As you can see, the Road Map chooses three general hypotheses: a genetic etiologic component, a prion-like (the preferred term is “templating”) mechanism, and a problem with protein folding and management. It also identifies two broad categories of experimental tools that need improvement: animal (or cellular) models and human biomarkers. The Road Map then seeks to develop treatments based on one or more of the three hypotheses and using one or both of the two tools. Then comes the familiar the cascade of treatment development, from target identification to in-vitro or cellular screens to more complex model organisms to early-phase humans trials to late-phase trials.

Of course, some treatments may be ready for testing in animals or humans right now without the preliminary steps, and that would be great.  Will CurePSP triage out any applications lying outside of this development model? Not at all. The Road Map is formulated more as a general guide and we recognize that there are other paths.

We also recognize that the Road Map ignores important things like symptomatic or surgical treatments, studies of exogenous risk factors, descriptive and nosologic studies and, perhaps most important, completely new and risky ideas.

The Road Map, as you’ve guessed, is designed partly as a fundraising tool that allows potential donors to understand how scientists would spend their money. The donors deserve to know that and are quite capable of understanding it if we scientists just take the trouble to explain it to them.

 

Now for something you can use today: the PSPRS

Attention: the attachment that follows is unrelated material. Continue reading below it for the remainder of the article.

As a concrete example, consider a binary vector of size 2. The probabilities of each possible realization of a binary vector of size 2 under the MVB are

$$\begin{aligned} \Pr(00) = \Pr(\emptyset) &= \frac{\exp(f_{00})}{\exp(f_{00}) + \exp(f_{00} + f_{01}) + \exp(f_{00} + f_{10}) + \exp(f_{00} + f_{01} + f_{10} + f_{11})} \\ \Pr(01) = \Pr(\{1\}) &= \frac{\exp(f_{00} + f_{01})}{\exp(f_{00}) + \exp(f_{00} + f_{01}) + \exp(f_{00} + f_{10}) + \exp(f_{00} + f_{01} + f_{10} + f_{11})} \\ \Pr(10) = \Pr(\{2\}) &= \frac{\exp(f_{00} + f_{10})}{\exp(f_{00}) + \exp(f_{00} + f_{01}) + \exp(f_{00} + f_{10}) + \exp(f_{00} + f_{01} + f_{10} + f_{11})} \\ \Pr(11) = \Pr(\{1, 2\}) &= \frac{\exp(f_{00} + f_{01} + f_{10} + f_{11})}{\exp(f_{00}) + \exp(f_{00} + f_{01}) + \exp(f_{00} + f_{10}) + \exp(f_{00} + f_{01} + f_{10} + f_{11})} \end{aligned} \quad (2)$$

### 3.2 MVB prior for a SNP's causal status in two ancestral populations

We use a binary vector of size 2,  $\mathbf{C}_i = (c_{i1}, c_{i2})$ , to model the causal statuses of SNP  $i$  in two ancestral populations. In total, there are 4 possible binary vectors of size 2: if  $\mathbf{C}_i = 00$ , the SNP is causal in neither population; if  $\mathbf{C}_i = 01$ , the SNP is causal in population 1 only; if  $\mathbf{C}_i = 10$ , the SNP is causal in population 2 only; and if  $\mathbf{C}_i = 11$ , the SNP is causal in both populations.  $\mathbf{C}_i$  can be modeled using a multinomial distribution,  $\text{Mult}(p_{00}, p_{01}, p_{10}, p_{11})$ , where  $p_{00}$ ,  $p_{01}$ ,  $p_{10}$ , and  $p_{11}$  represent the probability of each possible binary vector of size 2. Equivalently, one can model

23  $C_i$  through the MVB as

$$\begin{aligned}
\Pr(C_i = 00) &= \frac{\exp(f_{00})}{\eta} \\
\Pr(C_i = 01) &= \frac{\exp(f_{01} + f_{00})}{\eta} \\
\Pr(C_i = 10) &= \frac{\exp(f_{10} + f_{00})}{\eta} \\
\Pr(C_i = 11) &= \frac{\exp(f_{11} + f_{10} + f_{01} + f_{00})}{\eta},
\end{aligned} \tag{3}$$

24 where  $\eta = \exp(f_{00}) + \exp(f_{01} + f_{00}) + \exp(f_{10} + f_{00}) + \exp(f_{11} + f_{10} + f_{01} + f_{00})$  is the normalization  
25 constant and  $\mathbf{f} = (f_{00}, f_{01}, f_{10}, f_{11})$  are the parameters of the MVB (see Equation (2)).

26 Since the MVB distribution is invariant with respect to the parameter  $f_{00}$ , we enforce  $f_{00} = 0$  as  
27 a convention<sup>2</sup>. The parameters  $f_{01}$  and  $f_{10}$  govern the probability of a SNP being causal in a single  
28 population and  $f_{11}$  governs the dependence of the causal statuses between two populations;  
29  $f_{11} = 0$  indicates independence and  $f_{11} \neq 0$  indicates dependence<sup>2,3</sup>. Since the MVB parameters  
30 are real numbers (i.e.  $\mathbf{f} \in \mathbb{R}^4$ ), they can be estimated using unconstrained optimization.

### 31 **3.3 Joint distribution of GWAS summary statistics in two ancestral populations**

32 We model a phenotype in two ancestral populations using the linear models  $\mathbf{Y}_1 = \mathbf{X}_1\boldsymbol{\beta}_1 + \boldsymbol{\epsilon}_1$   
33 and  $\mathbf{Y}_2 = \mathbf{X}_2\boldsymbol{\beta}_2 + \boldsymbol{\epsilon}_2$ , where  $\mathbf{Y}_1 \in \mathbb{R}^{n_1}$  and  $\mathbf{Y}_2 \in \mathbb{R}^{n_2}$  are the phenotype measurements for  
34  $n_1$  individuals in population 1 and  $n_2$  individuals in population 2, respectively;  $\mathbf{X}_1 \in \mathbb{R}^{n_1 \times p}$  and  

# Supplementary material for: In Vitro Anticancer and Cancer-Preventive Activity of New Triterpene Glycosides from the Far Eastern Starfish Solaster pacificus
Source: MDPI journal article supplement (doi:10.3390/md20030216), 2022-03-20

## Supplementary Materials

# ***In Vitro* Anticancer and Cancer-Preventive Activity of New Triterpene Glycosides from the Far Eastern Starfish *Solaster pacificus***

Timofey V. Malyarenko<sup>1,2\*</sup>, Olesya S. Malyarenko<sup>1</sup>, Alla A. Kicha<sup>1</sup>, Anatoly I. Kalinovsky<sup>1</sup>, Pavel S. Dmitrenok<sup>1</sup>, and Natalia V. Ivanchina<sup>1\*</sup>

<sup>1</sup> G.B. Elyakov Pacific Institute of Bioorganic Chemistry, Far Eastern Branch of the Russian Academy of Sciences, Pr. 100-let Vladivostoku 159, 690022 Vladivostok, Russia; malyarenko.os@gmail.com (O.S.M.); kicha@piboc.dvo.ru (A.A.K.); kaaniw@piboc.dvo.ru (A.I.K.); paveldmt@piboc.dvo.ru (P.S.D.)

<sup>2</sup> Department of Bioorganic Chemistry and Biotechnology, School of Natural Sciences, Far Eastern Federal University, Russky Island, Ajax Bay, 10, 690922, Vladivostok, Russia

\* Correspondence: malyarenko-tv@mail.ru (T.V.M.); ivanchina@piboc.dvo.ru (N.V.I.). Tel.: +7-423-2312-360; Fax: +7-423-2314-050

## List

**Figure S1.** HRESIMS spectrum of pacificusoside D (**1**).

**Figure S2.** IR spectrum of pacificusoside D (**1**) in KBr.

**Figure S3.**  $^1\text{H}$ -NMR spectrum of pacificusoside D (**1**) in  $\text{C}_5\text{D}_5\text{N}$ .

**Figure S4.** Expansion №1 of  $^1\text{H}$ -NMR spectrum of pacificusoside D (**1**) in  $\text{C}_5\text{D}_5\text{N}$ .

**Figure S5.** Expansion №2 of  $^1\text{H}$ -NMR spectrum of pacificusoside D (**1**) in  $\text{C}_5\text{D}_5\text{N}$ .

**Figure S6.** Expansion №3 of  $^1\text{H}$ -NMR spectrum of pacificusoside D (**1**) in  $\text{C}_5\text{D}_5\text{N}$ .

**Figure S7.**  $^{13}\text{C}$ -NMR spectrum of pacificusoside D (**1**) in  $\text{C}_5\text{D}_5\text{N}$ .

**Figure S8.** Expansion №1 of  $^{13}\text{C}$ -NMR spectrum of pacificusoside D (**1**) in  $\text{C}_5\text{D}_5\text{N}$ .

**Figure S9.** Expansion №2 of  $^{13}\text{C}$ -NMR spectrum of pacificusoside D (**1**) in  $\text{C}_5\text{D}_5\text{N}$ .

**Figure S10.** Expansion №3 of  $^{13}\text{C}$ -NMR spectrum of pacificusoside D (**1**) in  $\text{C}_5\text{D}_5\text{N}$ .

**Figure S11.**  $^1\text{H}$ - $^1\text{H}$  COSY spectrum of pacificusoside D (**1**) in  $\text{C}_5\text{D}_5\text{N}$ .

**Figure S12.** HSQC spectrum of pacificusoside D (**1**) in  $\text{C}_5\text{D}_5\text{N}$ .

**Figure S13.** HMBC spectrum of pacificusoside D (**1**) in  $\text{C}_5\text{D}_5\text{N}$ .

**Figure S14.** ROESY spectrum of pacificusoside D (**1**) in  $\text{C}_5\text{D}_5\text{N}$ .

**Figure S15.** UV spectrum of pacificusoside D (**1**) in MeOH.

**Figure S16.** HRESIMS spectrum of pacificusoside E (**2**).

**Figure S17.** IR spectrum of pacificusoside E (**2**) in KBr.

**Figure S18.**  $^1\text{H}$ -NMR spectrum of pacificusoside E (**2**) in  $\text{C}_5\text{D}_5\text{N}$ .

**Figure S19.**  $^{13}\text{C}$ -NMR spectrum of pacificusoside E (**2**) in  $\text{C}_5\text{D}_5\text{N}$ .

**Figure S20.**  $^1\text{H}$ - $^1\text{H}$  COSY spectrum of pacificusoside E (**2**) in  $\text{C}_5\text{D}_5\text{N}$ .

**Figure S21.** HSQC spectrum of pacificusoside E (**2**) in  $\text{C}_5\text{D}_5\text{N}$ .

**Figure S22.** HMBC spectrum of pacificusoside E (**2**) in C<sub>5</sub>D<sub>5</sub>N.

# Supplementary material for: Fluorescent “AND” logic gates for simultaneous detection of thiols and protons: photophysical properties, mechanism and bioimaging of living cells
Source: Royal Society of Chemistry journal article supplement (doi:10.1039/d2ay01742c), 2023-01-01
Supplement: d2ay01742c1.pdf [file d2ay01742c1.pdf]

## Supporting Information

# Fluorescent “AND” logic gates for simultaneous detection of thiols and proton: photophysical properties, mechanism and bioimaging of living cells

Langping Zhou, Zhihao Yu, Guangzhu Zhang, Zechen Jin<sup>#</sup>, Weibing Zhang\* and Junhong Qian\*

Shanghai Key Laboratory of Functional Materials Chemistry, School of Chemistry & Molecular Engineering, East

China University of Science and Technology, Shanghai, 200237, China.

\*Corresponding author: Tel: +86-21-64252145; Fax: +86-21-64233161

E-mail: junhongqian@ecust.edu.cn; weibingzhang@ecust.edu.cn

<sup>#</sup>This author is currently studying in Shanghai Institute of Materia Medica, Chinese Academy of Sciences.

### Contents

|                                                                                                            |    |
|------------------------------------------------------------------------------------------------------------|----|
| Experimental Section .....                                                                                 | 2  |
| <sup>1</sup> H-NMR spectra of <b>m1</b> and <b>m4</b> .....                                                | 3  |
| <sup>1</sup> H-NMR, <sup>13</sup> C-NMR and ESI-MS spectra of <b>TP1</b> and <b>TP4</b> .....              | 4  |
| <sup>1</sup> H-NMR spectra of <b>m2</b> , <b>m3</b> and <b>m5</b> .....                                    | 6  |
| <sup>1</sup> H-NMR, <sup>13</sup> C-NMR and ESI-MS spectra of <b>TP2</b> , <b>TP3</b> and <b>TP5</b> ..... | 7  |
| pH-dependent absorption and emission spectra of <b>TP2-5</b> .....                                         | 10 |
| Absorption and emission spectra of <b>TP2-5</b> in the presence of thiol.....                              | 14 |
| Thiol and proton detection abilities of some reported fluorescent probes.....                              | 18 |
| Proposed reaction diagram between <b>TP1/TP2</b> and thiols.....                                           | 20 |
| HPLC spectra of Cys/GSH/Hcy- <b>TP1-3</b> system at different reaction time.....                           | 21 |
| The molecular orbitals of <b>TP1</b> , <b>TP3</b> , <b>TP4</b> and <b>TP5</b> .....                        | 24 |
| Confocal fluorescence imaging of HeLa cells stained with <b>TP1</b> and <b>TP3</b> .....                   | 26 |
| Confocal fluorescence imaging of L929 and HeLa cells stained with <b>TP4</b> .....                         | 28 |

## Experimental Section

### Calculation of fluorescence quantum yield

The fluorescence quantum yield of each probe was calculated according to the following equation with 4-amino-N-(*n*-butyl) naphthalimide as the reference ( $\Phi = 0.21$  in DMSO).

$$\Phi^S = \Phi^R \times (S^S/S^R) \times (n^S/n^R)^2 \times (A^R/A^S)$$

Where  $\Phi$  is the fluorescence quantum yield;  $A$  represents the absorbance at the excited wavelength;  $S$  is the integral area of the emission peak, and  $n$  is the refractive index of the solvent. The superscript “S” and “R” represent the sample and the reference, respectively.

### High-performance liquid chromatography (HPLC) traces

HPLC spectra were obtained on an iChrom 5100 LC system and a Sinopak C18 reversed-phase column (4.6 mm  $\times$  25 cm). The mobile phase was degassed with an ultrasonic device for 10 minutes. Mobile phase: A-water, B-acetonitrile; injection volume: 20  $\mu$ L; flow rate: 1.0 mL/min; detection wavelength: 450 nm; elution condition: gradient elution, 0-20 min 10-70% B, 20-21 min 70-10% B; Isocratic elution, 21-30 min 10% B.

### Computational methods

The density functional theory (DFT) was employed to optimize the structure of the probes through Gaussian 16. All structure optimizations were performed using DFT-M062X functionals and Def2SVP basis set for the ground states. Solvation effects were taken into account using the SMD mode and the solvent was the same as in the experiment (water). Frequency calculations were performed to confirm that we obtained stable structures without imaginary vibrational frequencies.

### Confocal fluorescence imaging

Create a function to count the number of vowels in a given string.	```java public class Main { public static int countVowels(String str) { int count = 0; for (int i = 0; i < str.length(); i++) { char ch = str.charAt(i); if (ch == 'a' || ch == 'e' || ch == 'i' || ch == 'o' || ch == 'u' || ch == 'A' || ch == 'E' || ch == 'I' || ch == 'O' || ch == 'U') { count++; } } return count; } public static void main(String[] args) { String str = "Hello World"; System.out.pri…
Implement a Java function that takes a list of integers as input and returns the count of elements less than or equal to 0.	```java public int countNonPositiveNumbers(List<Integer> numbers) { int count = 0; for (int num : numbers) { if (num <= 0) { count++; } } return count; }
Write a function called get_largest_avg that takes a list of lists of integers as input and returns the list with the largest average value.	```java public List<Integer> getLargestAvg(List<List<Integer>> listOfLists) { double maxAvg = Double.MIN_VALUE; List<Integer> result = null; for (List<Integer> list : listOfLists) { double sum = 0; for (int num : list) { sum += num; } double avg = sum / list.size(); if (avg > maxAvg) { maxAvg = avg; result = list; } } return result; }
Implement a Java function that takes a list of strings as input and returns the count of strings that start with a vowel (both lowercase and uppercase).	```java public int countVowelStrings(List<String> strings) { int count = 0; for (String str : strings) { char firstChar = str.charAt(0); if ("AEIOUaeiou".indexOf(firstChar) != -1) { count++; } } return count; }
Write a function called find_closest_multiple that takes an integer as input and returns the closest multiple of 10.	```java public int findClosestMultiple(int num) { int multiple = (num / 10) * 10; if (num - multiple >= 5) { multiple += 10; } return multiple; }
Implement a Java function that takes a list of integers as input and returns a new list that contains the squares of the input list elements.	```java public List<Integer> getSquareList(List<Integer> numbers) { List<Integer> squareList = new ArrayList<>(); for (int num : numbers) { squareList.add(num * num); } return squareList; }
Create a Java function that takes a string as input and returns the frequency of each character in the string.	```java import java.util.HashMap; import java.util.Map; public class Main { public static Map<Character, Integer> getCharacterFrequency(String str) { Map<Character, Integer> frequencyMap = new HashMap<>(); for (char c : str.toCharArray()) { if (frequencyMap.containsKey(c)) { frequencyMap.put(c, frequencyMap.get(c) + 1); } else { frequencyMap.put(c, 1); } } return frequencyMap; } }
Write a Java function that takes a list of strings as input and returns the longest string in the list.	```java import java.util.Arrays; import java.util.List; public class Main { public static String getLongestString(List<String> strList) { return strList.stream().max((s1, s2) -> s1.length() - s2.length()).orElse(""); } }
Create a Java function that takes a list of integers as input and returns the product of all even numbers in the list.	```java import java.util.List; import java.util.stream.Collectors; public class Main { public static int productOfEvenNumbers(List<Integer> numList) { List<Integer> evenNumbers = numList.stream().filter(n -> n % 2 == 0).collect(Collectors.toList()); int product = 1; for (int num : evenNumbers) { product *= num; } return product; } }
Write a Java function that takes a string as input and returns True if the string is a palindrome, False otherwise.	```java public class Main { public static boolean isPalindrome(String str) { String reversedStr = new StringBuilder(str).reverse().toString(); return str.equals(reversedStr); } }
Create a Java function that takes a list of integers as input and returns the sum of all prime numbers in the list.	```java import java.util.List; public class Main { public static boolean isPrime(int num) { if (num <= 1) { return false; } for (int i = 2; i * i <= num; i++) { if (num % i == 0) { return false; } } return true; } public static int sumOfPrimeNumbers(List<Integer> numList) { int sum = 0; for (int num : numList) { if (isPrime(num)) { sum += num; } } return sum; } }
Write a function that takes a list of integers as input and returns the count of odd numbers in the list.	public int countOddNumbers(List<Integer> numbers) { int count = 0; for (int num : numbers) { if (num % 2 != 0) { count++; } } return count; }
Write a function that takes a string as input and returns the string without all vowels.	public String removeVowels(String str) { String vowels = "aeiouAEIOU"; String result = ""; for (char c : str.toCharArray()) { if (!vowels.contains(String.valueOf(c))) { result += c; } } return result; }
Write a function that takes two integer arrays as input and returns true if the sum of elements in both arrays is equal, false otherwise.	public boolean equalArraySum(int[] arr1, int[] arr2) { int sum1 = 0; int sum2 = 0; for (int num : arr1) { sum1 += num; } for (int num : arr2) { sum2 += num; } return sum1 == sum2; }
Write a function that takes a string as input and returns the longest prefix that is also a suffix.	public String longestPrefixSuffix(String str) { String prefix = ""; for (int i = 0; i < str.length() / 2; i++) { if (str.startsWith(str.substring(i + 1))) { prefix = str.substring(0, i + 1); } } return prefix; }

I’m in awe of the scientific creativity and astuteness of the researchers whose work I feature in this blog. My own original work is more modest — but has its uses. In fact, hardly a week goes by without a publication of a research project using the PSP Rating Scale. This post is a shameless attempt to evangelize for it. Click here to download the PSPRS form.

Since my statistician colleague Pam Ohman-Strickland and I published it in 2007, the PSPRS has gradually become the standard way to quantify overall symptomatology and disability in clinical research in PSP. It is equally useful in routine clinical care and requires only 10 minutes to perform. It’s not copyrighted.

Yes, the Unified Parkinsonism Disability Rating Scale, the standard scale for PD, has been validated in PSP, but has nothing about frontal behavioral signs, eye movements, sleep and some other things that are important in PSP. The PSPRS has a nice, round 100 possible points divided into six sections and 28 items. Rather than attempting to rate every possible feature of PSP with equal emphasis, the items’ relative importance in the PSPRS mirrors that in the most common form of PSP itself. This design feature results in the PSPRS progressing about 11 points per year regardless of the magnitude of the score or disease duration.  The score is useful as a prognostic indicator and I’m presently working on refining that.

The PSPRS requires some skill in the neurological exam, so cannot be applied by patients or caregivers. But they can bring it to the attention of their neurologists. Click here for the original paper in Brain that explains the details of how to administer the PSPRS.

Like everyone, I’m hoping for a more objective, reproducible test to quantify the state of neural degeneration in PSP – maybe something with spinal fluid or MRI. But until then, the PSPRS is the best we’ve got and it’s dirt cheap.